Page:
Debbie Daugherty was driving home from work shortly before Christmas a couple years back when she noticed a U.S. Marine Corps Toys for Tots program truck. The soldiers collecting donations made her think of her father, a decorated veteran who served 30 years in the Marines, including tours in WWII, Korea and Vietnam. He'd been having health issues, and had moved in with Daugherty. She decided to ask the soldiers for a favor.
"I did a U-turn, drove back to them, and asked if they'd follow me home, give me two minutes of their time, and say hello to my dad," says Daugherty, director of Administrative Services at Mayo Clinic's Florida campus. "I thought they'd think I was crazy." Instead, "They said 'Yes, Ma'am,' and followed me home." That two-minute request stretched into a two-hour visit, during which Daugherty saw "a whole change in my dad's countenance. He just beamed." As did a light bulb in her head. "I thought, 'Wouldn't it be nice if we could bring that to our patients?'"
That experience served as the genesis for the Visit a Veteran Program at Mayo Clinic's Florida campus. Daugherty helped launch the program in 2014, and since then, volunteers have made 776 visits to hospitalized veterans. The visits are a big hit with patients, who "are so thankful to know that someone cares about their service," Daugherty says. Many of the volunteers are veterans themselves, and the experience "gives them a sense of camaraderie and a chance to give back to other vets." The visits make a difference to patients' families, as well. "Usually they beam," Daugherty says, "but sometimes they cry."
Mayo staff have been supportive of the program and have suggested additional ways to recognize veterans. "One doctor told me, 'When I walk into a room, I want to know if the patient is a vet,'" Daugherty says. That request led to the creation of small signs placed near a patient's headboard that read "I served" next to the symbol of the branch in which the patient served. The hospital also gives thank you cards and small pillows with patriotic fabric to veterans. "We try to keep coming up with new ideas to show our appreciation," says Daugherty. One new effort comes from a small group of colleagues in the Cardiology Clinic. Mary Alleyne, Carolyn Croy and Leida Perez all have a connection to the military and share a love of quilting. They recently completed a patriotic quilt they plan to donate to a patient who is a vet, specifically one who doesn't receive visitors.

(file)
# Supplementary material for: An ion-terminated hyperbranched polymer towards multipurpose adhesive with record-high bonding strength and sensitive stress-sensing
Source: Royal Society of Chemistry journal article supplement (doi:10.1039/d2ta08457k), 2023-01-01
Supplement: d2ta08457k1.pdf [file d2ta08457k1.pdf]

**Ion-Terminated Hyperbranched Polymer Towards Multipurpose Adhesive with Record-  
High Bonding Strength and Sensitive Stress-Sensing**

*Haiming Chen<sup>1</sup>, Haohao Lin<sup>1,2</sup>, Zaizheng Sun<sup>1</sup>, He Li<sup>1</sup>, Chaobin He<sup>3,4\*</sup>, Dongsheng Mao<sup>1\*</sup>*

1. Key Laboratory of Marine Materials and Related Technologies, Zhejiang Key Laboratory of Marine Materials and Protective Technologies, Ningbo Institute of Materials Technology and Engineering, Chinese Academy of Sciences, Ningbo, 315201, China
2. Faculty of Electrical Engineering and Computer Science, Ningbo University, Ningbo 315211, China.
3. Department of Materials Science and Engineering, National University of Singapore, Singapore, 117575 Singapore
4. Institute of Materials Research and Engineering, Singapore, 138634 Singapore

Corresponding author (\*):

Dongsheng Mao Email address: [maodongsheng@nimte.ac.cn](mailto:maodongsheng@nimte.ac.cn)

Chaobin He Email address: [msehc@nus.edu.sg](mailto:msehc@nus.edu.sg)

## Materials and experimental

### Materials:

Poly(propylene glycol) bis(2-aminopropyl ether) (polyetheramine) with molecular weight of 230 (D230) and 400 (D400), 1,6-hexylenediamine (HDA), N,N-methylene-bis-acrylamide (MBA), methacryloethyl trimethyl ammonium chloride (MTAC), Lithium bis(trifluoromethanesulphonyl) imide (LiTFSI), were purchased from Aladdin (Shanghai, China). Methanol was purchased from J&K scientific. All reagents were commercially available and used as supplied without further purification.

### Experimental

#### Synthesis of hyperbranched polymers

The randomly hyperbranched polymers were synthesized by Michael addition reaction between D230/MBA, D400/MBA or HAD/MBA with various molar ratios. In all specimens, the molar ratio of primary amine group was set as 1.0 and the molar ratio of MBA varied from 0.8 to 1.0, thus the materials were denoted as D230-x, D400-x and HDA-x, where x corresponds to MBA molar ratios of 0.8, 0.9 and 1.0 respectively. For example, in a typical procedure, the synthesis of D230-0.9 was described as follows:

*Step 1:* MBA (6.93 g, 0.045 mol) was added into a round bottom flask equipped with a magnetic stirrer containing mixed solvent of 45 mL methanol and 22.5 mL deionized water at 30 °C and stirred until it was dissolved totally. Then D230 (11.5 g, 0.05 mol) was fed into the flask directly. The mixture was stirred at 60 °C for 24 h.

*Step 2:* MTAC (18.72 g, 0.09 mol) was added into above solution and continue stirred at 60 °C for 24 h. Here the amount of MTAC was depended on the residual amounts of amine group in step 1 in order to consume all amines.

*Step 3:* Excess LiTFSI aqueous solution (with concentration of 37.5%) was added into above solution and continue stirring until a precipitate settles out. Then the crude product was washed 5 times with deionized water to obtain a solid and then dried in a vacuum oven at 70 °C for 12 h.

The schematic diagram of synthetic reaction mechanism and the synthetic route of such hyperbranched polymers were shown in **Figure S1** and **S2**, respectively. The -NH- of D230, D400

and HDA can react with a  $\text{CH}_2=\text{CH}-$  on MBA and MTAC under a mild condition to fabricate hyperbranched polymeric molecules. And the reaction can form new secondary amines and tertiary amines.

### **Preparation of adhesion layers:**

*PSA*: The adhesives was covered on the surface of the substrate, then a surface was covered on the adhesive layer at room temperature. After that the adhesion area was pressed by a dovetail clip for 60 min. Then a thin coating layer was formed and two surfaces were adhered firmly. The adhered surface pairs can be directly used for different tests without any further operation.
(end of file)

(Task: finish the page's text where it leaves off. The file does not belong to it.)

Daugherty tells us she's "proud to be part of an institution that recognizes people who have volunteered to serve our country." And she's looking for more people willing to help get that message across. "I'd love to see the number of visits double," she says. "It's pure joy to see how patients light up when they realize that Mayo cares. How can you not walk away feeling good after that?" Indeed.
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